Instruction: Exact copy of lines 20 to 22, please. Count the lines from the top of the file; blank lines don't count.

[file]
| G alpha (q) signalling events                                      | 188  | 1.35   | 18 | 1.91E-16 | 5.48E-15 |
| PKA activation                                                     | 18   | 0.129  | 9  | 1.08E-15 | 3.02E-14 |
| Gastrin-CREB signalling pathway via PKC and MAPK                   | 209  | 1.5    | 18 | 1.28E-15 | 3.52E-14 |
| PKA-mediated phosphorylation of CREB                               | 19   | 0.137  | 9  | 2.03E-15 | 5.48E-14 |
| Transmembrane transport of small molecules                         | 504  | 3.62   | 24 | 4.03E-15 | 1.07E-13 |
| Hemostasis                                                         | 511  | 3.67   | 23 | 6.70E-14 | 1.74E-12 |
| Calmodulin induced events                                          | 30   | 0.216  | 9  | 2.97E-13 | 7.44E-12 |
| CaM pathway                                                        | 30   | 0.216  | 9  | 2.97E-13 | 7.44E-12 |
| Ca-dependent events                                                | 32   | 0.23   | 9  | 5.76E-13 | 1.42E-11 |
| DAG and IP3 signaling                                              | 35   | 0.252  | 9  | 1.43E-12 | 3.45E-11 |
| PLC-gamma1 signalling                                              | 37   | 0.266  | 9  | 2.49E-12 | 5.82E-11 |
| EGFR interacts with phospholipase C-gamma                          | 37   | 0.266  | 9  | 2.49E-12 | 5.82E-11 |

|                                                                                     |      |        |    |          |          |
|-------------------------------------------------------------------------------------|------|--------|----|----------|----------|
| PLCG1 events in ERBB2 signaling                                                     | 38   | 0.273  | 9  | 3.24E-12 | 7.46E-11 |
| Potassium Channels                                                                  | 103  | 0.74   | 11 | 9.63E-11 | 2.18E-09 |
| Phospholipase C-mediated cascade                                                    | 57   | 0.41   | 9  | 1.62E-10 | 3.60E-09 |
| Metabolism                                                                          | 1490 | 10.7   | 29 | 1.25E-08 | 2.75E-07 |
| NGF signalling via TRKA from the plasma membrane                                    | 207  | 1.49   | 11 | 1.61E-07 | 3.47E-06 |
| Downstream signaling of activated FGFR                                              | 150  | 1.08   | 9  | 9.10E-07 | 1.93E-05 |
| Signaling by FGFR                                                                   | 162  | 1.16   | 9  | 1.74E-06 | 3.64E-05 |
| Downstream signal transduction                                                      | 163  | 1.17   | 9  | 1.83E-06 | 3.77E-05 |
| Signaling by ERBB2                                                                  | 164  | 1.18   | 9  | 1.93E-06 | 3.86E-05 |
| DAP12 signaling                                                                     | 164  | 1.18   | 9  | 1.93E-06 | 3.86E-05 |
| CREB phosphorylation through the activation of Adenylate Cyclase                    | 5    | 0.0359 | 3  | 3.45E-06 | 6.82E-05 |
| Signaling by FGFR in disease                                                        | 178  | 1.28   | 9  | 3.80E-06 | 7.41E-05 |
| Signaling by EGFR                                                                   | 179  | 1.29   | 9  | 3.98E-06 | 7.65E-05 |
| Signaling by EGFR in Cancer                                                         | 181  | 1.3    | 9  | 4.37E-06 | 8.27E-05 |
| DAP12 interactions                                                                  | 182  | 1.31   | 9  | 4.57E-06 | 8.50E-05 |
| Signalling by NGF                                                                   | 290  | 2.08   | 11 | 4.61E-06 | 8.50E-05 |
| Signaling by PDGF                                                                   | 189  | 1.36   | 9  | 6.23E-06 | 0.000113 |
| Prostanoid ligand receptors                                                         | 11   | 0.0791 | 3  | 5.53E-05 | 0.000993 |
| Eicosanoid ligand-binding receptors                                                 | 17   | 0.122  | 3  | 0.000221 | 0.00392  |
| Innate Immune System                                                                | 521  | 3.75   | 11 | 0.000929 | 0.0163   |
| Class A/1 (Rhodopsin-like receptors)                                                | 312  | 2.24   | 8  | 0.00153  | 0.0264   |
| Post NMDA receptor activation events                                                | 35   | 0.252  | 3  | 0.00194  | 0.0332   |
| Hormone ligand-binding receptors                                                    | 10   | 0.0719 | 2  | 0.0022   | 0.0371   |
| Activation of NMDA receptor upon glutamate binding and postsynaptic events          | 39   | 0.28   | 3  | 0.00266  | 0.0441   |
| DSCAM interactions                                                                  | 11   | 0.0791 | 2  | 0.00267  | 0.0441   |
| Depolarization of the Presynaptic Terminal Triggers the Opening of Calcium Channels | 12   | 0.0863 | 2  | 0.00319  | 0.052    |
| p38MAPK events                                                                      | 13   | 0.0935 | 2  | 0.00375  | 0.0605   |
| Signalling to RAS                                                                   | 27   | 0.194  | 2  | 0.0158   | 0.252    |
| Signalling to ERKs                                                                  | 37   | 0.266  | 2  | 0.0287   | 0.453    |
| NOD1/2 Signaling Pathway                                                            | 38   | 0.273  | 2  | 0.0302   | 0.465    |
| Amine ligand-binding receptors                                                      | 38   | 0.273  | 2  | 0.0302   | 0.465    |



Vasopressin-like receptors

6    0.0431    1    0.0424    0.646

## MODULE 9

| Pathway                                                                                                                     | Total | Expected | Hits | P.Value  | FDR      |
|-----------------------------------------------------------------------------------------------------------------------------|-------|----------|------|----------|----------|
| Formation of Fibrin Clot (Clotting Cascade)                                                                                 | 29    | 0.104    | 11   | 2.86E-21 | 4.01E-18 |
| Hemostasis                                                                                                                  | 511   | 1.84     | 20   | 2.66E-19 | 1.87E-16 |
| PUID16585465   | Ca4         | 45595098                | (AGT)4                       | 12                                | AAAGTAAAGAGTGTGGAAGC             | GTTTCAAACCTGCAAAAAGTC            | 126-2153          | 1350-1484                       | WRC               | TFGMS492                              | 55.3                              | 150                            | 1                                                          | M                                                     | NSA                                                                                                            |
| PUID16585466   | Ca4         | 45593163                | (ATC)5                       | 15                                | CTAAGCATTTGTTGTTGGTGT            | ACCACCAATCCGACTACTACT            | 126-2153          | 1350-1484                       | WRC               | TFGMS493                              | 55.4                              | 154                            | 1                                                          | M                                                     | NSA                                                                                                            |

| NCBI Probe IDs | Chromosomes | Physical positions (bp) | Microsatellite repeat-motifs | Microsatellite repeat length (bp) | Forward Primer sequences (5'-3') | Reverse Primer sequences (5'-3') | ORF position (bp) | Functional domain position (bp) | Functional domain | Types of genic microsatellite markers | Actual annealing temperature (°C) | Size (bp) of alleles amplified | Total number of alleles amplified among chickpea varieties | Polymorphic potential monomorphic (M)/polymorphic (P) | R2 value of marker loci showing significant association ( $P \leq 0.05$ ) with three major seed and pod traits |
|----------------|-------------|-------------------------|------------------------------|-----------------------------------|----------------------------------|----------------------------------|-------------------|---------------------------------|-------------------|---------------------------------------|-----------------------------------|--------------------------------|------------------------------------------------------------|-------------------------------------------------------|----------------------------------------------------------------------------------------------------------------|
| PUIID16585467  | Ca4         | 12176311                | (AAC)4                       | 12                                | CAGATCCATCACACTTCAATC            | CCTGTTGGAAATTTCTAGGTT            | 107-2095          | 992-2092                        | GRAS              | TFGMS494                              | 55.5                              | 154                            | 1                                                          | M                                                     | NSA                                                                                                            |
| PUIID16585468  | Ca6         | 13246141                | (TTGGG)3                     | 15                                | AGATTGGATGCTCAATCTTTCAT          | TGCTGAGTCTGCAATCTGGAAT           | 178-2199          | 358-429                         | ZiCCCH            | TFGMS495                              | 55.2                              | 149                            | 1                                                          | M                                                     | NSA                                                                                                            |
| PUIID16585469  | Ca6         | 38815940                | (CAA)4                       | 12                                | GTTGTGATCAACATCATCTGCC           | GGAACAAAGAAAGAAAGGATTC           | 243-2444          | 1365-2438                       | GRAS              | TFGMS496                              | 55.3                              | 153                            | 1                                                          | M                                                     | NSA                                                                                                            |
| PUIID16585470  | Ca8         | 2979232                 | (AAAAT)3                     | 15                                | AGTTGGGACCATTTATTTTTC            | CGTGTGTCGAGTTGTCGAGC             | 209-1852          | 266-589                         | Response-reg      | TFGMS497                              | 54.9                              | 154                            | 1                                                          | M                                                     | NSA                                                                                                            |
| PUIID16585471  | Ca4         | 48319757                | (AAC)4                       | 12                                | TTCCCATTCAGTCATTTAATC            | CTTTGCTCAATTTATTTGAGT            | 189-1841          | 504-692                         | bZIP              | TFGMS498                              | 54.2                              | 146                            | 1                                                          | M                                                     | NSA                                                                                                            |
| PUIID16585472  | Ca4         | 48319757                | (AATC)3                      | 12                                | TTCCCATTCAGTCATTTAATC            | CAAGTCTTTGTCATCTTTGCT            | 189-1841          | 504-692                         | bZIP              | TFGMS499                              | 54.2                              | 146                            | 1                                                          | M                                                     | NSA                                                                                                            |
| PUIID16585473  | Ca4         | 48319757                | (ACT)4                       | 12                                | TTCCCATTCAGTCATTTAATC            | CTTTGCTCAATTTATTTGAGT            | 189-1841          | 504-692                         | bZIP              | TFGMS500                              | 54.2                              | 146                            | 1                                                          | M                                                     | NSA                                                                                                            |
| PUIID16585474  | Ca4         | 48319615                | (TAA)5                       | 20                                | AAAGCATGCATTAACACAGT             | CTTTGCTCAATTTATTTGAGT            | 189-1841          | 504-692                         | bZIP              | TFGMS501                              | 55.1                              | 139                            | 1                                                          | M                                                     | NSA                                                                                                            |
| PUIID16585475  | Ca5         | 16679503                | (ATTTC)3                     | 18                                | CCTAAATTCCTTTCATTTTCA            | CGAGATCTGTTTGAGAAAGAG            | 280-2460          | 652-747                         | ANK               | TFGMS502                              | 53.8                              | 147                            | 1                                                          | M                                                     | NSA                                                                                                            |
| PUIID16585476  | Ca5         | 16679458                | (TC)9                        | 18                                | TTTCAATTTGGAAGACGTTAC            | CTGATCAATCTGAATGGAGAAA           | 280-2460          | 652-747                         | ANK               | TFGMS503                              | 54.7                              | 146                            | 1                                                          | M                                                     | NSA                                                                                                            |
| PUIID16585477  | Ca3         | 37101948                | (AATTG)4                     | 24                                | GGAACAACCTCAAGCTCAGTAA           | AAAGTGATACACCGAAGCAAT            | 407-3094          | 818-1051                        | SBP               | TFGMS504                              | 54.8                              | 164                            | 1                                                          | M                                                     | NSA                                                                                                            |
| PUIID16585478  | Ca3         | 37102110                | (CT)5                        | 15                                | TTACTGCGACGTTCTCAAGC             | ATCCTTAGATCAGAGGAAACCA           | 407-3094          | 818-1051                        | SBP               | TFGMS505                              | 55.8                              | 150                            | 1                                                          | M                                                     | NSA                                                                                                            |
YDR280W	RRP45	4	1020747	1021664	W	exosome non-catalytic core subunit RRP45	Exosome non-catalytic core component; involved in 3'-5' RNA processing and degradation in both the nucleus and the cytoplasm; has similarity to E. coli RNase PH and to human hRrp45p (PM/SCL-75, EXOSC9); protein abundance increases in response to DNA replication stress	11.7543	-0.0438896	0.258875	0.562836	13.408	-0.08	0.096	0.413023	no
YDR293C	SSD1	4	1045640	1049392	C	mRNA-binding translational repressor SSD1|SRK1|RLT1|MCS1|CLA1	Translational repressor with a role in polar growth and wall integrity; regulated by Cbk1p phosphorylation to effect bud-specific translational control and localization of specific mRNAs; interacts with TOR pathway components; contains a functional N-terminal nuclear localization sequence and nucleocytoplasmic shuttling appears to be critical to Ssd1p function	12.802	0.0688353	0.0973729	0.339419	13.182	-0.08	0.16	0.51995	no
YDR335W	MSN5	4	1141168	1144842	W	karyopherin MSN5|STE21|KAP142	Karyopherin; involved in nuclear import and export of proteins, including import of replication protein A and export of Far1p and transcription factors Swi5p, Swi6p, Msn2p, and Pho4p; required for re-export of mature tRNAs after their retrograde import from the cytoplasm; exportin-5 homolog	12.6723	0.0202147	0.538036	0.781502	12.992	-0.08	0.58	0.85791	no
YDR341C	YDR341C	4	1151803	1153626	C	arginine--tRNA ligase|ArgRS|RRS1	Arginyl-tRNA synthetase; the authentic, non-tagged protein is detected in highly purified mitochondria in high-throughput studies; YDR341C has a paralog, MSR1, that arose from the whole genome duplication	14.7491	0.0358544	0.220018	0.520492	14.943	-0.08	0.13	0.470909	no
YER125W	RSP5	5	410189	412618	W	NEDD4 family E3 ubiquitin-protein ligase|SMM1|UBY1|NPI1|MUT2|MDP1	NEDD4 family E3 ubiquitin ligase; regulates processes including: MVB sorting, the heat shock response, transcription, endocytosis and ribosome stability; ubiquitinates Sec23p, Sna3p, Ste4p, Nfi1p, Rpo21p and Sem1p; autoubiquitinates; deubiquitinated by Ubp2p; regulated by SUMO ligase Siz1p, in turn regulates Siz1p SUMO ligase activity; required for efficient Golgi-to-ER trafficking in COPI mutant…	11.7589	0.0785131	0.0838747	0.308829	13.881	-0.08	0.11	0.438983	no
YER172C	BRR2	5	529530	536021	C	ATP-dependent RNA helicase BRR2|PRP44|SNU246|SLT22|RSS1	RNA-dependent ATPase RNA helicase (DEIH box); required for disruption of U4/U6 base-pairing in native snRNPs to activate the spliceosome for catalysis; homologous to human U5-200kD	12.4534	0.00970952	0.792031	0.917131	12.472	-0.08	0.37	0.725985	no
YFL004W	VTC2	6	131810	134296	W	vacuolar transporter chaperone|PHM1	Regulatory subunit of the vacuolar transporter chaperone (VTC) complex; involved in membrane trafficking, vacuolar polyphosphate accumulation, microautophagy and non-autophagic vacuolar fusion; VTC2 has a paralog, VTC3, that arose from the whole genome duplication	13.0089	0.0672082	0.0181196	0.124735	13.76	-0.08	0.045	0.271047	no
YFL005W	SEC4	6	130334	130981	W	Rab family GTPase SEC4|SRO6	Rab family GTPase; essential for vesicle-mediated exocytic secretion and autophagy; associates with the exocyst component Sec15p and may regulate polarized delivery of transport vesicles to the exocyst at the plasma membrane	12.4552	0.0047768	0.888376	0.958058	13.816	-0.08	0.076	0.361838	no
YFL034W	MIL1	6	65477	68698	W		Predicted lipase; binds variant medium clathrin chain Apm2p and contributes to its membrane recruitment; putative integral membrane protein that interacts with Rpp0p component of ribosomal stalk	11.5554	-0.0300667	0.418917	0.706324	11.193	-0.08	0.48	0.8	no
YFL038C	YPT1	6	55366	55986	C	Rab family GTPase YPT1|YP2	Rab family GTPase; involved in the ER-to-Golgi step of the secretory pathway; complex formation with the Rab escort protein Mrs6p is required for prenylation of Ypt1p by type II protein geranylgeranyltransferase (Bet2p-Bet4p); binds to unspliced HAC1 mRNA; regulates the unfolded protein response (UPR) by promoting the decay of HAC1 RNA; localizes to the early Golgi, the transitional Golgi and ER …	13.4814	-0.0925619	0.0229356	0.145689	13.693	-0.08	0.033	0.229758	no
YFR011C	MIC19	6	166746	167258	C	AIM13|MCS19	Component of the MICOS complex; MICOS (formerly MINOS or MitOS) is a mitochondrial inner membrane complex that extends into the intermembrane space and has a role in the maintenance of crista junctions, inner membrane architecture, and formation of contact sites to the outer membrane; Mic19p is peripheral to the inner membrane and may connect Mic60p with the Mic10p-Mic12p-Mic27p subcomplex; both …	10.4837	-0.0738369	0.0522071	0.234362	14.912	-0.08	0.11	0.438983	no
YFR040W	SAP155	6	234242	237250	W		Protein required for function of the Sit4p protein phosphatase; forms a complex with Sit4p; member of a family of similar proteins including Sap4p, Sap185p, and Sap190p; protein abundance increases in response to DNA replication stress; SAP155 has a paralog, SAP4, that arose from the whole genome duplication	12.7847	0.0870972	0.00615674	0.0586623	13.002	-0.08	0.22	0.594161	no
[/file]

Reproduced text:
| Downstream signaling of activated FGFR                                              | 150  | 1.08   | 9  | 9.10E-07 | 1.93E-05 |
| Signaling by FGFR                                                                   | 162  | 1.16   | 9  | 1.74E-06 | 3.64E-05 |
| Downstream signal transduction                                                      | 163  | 1.17   | 9  | 1.83E-06 | 3.77E-05 |